"I was overweight. I was told by my doctor that if I kept it up I was going to develop high blood pressure and high blood cholesterol. The doctor sent me to a dietitian. She is the one who taught me the things that I had to do in order to eat right. It was hard at the beginning because once you have bad habits they are hard to break. Once I realized it was for my own good and no one was going to take care of me except me, I decided to start eating better. At home, we keep stuff like fruits, vegetables, and low-fat or fat-free milk in the house. My three daughters are beginning to learn how to eat right, and my little one loves vegetables like I do."
— JOSE HENRIQUEZ
If you're trying to lose weight, use the foods and serving guidelines in boxes 3 and 4. Aim for a caloric level that is lower than what you usually consume. In addition, you can make your diet lower in calories by using the tips in box 5. The best way to take off pounds is to do so gradually, get more physical activity, and eat a balanced diet that is lower in calories and fat. For some people at very high risk for heart disease or stroke, medication will be necessary. To develop a weight-loss or weight-maintenance program that works well for you, consult with your doctor or registered dietitian.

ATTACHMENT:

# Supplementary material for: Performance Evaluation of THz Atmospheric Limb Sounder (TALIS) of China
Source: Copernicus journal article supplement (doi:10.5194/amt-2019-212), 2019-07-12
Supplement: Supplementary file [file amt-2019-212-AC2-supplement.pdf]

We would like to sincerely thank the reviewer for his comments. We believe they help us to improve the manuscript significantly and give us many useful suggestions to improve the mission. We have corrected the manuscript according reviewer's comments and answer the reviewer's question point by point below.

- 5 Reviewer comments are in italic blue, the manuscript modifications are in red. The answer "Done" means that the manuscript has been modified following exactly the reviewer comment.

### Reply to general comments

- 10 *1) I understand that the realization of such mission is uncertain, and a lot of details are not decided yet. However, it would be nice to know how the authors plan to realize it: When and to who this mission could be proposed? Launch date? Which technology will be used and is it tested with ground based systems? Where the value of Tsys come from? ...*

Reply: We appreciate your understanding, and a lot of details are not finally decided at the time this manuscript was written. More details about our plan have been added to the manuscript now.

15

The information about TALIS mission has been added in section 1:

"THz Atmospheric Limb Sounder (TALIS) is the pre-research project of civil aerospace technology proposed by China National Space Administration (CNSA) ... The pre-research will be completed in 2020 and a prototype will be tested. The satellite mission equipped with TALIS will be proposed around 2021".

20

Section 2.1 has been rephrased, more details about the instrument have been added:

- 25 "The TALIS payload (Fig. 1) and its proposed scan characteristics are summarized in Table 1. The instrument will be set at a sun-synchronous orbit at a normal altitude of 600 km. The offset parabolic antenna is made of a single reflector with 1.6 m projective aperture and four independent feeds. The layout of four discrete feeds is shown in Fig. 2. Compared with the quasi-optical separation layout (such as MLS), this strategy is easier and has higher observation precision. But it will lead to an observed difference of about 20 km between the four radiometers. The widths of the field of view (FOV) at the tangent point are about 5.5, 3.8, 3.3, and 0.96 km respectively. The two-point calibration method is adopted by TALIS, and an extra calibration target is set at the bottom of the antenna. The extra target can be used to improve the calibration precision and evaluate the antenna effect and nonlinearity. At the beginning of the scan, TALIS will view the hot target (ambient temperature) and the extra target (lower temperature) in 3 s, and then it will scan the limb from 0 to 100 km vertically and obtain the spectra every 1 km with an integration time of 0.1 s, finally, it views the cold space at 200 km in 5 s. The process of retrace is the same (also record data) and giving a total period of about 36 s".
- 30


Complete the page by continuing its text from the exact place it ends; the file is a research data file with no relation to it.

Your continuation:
Combining the DASH eating plan with a regular physical activity program, such as walking or swimming, will help you both shed pounds and stay trim for the long term. You can do an activity for 30 minutes at one time, or choose shorter periods of at least 10 minutes each. (See box 6.) The important thing is to total about 30 minutes of activity each day. (To avoid weight gain, try to total about 60 minutes per day.)